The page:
Francis Schaeffer spoke of God, He is there and he is not silent. God has revealed himself to us, so that we can know who he is. Just as importantly, he has revealed his purpose for us. If God had not spoken, how could we ever know the meaning of our existence? Because he has spoken to us, we have a vantage point that transcends our own perspective and enables us to see things as they truly are.
God has spoken to us both in the general revelation of creation and in the special revelation of his Word. The Protestant Reformers liked to say that God has given us two books. One book is creation; we know God by what he has made: “The heavens declare the glory of God, and the sky above proclaims his handiwork. Day to day pours out speech, and night to night reveals knowledge” (Ps. 19:1–2). “Every fact in nature is a revelation of God,” wrote the Scottish novelist and theologian George MacDonald, and each fact “is there such as it is because God is such as He is.” Even the bright blue flash of the kingfisher and the soaring flight of the eagle testify to the beauty and the majesty of God. Yet creation is not the only place where God has revealed himself. In order to help us know the way of salvation, he has also given us the book of his Word. As the psalmist went on to say: “The law of the Lord is perfect, reviving the soul; the testimony of the Lord is sure, making wise the simple” (Ps. 19:7). God is revealed in the words of Scripture as well as in the works of creation. The righteous law and saving gospel of the Old and New Testaments are part of his divine revelation—the true and trustworthy words of God. Galileo had both the Bible and the book of creation in view when he stated that “the Holy Scripture and nature derive equally from the godhead. . . . God reveals himself no less excellently in the effects of nature than in the sacred words of Scripture.”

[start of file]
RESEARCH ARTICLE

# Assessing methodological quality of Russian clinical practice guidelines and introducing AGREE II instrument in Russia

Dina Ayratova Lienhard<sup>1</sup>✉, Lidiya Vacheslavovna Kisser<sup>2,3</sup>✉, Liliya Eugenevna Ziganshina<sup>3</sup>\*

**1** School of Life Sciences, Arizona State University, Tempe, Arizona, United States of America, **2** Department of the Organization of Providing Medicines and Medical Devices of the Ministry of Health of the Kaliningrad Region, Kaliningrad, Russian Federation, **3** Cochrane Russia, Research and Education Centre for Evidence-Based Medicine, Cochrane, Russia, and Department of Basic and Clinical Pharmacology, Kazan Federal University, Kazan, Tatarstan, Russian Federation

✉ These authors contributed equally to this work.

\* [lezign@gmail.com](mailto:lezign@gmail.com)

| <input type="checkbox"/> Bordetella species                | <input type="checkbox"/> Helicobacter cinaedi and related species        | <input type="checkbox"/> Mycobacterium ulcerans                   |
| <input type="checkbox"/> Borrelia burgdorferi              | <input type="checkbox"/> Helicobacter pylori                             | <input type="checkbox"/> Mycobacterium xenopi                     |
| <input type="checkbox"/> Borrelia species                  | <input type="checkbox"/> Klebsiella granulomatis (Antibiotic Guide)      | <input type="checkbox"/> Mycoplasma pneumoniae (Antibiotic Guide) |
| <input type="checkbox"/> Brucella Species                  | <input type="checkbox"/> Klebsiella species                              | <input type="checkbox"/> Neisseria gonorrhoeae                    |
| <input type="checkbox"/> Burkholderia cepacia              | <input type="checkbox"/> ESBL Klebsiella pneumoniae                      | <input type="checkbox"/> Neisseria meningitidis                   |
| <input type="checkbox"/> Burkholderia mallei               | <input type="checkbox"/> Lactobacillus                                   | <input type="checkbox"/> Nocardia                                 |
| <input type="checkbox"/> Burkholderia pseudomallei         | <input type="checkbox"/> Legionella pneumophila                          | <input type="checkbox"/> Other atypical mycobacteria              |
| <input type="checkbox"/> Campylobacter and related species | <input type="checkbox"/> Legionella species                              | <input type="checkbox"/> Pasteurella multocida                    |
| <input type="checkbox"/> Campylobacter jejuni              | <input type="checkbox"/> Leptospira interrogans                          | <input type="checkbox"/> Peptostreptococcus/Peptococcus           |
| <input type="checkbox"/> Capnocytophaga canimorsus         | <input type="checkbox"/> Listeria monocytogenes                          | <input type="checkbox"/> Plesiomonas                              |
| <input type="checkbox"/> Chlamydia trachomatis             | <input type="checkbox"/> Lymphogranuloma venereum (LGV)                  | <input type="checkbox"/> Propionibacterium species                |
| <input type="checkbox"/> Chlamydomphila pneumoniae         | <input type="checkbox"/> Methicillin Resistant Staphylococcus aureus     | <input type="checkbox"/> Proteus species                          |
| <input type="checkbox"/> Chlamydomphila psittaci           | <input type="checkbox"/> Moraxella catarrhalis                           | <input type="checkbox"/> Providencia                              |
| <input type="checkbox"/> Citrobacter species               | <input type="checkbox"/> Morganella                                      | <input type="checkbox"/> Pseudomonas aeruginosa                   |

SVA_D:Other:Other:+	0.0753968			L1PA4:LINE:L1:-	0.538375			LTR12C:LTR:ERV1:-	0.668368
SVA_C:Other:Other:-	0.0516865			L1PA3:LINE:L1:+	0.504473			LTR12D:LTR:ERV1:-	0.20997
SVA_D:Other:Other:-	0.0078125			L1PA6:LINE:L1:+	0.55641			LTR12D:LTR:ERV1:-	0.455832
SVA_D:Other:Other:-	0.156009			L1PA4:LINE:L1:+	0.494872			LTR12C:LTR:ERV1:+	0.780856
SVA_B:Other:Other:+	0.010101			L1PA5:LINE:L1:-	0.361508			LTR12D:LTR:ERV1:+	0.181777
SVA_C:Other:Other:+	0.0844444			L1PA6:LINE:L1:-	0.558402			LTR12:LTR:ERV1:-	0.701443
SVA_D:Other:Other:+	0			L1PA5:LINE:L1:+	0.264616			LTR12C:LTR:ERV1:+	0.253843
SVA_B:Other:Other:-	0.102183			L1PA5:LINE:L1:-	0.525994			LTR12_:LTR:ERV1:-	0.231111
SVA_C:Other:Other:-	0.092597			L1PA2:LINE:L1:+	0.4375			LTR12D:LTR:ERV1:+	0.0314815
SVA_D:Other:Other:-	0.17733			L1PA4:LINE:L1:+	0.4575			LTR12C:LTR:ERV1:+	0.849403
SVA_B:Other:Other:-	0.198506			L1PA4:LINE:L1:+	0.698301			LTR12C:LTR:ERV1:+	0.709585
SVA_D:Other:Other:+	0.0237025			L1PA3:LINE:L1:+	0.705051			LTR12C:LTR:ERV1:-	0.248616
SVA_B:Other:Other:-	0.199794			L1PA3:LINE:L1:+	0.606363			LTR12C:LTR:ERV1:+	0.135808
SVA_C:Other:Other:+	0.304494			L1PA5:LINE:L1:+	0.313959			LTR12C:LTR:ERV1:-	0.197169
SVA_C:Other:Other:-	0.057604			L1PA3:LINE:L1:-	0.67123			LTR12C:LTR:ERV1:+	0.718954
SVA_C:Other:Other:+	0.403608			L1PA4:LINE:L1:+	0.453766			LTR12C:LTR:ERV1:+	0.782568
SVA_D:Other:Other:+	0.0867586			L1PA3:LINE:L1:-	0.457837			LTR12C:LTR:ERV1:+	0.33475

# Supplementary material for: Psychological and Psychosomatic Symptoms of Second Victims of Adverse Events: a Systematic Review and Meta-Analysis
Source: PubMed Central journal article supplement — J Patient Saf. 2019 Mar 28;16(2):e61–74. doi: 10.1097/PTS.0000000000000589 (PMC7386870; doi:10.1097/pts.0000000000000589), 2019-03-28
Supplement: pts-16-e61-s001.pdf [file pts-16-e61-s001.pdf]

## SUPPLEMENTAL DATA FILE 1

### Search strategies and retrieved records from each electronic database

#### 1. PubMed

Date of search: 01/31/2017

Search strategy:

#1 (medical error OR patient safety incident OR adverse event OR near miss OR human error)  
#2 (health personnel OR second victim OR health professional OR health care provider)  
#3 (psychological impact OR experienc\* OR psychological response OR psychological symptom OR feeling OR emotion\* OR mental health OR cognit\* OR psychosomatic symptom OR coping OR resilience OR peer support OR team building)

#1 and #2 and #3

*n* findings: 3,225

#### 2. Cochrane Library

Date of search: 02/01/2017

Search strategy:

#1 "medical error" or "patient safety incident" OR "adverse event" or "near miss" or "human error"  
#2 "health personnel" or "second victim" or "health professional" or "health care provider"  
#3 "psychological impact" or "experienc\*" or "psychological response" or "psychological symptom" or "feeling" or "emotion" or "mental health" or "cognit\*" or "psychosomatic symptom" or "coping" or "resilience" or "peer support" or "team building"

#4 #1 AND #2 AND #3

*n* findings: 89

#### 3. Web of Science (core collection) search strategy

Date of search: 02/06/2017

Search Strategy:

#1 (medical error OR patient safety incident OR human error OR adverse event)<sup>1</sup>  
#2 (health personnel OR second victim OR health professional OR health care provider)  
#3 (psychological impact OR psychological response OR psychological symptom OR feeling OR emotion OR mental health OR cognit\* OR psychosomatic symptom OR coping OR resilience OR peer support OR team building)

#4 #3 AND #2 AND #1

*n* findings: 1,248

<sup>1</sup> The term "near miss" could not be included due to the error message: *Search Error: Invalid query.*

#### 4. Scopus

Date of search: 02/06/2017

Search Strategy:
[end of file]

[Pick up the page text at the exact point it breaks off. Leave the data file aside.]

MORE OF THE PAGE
The main theme of Scripture is the saving work of Jesus Christ, God the Son, who is the Word of God incarnate (John 20:31). This claim is unique to biblical Christianity. Christianity is the only religion or worldview to claim that God himself has become a man by taking on the flesh of humanity in the person of a single individual. Through the mystery of the virgin birth, at one and the same time Jesus of Nazareth is fully divine and fully human. This is essential to the whole story of salvation, as we shall see. For now, it is enough to say that God is revealed to us in the person of his Son. “In these last days,” the Scripture says, God “has spoken to us by his Son” (Heb. 1:2). Indeed, to see the Son is to see the Father (John 6:46). Therefore, in Jesus Christ we have true knowledge of the living God.
It is only because God has revealed himself that it is possible for us to have a Christian view of the world. How can we know anything true about anything? Most importantly, how can we know the truth about our own purpose for life and place in the universe? We know these truths because God has revealed himself in what he does and what he says, in his works and in his Word, both written and incarnate. Furthermore, in coming to know Christ we gain access to an explicitly Christ-centered view of the world. He is the starting point for all of our thought. If we believe that Jesus Christ is the true Son of God—the one who is the truth (John 14:6)—then we will accept his view of God and of ourselves in sin and salvation.